Even suggesting such a thing sounds curmudgeonly, given the universal applause greeting the movie, but I say that having revisited the original a couple of days prior and found myself enjoying it even more than on first viewing. Writer-director Paul King and co-writer Simon Farnaby introduce a highly impressive array of set-ups with huge potential to milk their absurdity to comic ends, but don’t so much squander as frequently leave them undertapped.

Paddington’s succession of odd jobs don’t quite escalate as uproariously as they migh…

That be what we call scringe stone, sir.

Doctor Who The Ribos Operation (1978)
Season 16 is my favourite season, so I’m inevitably of the view that it gets a bad rap (or a just plain neglected one), is underrated and generally unappreciated. Of its six stories, though, The Ribos Operation is probably the one, on balance, that receives the most accolades (on some days, it’s The Pirate Planet; many moons ago, back when DWAS was actually a thing of some relevance, The Stones of Blood won their season poll; there are also those who, rightly, extol the virtues of The Androids of Tara). I’m fully behind that, although truthfully, I don’t think there’s an awful lot between the first four stories. Why, I even have great affection for the finale. It’s only “KROLL! KROLL! KROLL! KROLL!” that comes up a bit short, which no doubt makes me a no good dryfoot, but there you are. If that Robert Holmes script is on the threadbare side, through little fault of his own, The Ribos Operation is contrastingly one of his very best, a hugely satisfyi…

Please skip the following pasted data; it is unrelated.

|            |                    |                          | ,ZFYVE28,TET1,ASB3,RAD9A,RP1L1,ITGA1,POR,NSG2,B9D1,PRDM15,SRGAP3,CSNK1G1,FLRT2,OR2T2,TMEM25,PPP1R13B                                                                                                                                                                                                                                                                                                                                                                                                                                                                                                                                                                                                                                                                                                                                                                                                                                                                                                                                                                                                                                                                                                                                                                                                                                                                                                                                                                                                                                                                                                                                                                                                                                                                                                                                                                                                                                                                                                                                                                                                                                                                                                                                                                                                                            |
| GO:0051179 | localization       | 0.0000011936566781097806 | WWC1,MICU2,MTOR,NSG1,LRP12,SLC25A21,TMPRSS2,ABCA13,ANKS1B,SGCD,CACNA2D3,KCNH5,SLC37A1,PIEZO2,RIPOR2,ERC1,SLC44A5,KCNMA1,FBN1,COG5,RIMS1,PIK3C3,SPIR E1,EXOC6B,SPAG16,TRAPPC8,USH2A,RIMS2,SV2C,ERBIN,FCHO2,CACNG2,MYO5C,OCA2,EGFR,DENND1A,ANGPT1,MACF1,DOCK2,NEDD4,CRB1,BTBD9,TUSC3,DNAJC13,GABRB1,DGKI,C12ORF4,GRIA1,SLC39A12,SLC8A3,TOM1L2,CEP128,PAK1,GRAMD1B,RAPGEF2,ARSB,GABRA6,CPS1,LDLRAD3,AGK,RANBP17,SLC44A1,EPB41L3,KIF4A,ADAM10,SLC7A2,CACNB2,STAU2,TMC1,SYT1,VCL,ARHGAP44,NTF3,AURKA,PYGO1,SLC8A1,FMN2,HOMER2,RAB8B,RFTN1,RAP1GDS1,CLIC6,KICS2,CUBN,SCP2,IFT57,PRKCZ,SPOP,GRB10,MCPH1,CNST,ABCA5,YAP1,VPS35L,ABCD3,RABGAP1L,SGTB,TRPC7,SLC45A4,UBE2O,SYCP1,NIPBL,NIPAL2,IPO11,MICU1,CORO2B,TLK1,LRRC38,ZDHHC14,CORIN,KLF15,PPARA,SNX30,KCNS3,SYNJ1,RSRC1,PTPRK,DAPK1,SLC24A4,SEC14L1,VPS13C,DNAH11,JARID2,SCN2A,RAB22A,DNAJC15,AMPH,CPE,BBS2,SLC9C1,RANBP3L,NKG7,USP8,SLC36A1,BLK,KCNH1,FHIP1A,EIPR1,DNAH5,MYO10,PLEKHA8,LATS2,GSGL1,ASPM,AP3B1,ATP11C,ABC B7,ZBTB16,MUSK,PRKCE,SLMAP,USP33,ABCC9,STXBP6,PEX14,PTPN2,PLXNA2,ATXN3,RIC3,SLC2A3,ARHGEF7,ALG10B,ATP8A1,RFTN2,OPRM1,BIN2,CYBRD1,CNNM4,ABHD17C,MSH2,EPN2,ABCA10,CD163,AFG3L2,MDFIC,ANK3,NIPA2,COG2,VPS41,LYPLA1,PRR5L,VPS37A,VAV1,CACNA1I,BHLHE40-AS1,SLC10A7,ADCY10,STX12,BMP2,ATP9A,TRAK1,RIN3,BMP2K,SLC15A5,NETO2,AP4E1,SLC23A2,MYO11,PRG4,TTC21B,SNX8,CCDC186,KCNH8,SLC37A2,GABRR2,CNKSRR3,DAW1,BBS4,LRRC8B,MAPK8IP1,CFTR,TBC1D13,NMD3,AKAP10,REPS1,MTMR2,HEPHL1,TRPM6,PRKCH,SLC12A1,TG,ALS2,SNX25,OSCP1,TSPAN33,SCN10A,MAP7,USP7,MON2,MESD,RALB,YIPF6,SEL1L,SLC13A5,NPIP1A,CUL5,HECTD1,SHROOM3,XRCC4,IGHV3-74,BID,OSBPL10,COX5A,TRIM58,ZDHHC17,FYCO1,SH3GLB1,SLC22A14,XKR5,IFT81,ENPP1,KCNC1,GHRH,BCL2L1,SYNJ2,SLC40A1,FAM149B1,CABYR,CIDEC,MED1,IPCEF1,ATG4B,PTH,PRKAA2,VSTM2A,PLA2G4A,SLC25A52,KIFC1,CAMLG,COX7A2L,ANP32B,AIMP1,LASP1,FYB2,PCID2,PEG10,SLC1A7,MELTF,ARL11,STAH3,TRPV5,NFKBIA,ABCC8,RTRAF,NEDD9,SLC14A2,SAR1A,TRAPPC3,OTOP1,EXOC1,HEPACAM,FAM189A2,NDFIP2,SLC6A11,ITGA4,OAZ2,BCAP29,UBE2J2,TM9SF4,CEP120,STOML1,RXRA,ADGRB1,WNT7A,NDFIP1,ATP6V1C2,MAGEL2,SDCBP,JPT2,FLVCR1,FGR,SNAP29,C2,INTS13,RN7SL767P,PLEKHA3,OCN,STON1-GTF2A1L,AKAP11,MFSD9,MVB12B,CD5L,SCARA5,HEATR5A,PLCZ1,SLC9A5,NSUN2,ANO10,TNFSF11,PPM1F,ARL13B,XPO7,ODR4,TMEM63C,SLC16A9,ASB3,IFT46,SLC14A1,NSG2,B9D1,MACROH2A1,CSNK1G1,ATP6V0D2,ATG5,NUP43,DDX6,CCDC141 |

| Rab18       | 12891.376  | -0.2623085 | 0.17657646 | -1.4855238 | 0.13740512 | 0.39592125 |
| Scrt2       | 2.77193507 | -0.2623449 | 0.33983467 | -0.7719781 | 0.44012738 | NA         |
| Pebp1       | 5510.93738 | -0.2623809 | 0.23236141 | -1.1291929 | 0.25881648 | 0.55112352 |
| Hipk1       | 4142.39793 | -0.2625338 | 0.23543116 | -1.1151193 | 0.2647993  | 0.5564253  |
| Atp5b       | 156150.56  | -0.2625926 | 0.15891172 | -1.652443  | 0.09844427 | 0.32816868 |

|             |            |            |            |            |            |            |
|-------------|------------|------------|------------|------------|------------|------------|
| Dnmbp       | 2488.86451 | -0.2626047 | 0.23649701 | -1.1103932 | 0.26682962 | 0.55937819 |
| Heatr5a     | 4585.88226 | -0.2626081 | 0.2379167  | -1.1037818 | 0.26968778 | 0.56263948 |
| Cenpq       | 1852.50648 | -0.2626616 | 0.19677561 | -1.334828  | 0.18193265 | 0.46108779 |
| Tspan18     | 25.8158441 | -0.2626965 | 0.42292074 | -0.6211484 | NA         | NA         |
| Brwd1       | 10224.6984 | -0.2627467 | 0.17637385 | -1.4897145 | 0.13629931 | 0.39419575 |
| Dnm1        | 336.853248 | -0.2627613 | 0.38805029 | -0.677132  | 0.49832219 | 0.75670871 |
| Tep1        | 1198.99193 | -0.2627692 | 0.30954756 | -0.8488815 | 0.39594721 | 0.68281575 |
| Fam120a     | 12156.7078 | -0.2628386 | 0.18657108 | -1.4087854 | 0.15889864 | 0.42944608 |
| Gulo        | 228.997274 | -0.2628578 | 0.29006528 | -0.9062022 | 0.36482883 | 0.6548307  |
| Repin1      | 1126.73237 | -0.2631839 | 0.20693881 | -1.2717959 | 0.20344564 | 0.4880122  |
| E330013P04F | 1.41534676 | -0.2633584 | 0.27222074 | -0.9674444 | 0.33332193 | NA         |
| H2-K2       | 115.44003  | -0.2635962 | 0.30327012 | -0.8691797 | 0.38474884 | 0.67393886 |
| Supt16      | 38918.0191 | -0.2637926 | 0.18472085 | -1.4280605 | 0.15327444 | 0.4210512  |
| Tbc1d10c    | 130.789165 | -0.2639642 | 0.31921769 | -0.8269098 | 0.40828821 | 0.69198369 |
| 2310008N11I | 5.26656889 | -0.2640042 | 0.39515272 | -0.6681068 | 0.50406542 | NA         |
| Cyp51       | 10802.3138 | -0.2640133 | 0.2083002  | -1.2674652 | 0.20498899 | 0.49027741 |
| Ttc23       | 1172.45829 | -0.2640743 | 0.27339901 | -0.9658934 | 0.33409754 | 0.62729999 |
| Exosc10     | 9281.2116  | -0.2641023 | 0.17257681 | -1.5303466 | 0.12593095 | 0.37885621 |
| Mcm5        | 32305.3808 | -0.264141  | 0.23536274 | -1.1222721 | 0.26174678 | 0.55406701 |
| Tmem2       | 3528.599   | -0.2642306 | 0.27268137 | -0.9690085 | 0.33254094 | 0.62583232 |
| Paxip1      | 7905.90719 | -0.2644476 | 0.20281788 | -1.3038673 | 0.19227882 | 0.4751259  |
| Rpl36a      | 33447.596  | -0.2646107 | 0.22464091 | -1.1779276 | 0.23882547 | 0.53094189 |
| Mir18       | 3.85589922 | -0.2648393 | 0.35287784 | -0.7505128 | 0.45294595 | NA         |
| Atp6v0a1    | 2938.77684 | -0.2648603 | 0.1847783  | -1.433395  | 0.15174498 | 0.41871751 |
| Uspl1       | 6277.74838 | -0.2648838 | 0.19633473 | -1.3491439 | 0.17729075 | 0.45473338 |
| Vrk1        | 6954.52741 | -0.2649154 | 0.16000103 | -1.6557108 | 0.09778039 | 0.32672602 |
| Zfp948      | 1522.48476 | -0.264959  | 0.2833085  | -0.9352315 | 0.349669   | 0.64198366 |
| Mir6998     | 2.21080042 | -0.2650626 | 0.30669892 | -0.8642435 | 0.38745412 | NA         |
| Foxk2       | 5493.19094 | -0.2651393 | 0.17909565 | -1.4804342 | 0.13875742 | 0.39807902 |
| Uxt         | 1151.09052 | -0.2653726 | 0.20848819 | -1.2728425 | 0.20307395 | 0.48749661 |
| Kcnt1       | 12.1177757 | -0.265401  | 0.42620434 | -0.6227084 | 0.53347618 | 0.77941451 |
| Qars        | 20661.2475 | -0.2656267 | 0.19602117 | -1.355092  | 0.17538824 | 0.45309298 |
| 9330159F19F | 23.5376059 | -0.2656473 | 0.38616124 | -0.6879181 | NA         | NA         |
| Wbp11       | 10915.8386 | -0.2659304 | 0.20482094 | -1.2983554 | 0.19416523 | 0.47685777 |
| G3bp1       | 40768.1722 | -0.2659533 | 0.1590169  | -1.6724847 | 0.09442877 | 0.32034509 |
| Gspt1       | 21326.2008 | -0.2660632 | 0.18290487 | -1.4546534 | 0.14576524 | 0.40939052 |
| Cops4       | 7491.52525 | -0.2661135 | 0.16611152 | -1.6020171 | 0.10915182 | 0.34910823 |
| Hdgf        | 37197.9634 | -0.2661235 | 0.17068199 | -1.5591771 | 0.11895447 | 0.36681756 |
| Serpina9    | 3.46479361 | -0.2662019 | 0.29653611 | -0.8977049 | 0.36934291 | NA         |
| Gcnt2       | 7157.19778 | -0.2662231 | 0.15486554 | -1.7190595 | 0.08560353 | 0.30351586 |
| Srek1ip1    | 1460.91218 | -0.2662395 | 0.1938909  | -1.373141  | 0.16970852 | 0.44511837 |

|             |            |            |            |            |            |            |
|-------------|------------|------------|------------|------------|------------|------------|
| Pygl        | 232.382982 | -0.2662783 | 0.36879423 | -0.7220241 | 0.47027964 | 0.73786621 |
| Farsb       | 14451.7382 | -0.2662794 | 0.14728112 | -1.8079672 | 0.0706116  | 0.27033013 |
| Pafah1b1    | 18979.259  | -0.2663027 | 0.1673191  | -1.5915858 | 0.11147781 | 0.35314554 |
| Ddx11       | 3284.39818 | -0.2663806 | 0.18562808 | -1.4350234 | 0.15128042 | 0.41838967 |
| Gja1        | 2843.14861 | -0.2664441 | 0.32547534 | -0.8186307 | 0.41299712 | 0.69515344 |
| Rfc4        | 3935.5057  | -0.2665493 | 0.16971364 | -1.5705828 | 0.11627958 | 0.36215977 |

I do… very competitive ice dancing.

Justice League (2017)
(SPOILERS) Superheroes, and superhero movies, trade in hyperbole, so it shouldn’t be surprising that DC’s two releases this year have been responded to in like, only each at opposite ends of the spectrum. Wonder Woman was insanely over-praised in the rush to fete a female superhero finally leading a movie, crushing all nuanced criticism in its wake. Justice League, meanwhile, has been lambasted on the basis that it’s more of the same as Batman v Superman: Dawn of Justice, only worse – to the extent there have been calls for a Zach Snyder Director’s Cut, which is quite an extent, as extents go – as it’s guilty of being an unholy clash of styles, grimdark Zach scowling in one corner and quip-happy Joss pirouetting in the other. And yes, the movie is consequently a mess, but it’s a relatively painless mess, with the sense to get in and get out again before the viewer has enough time to assess the full extent of the damage.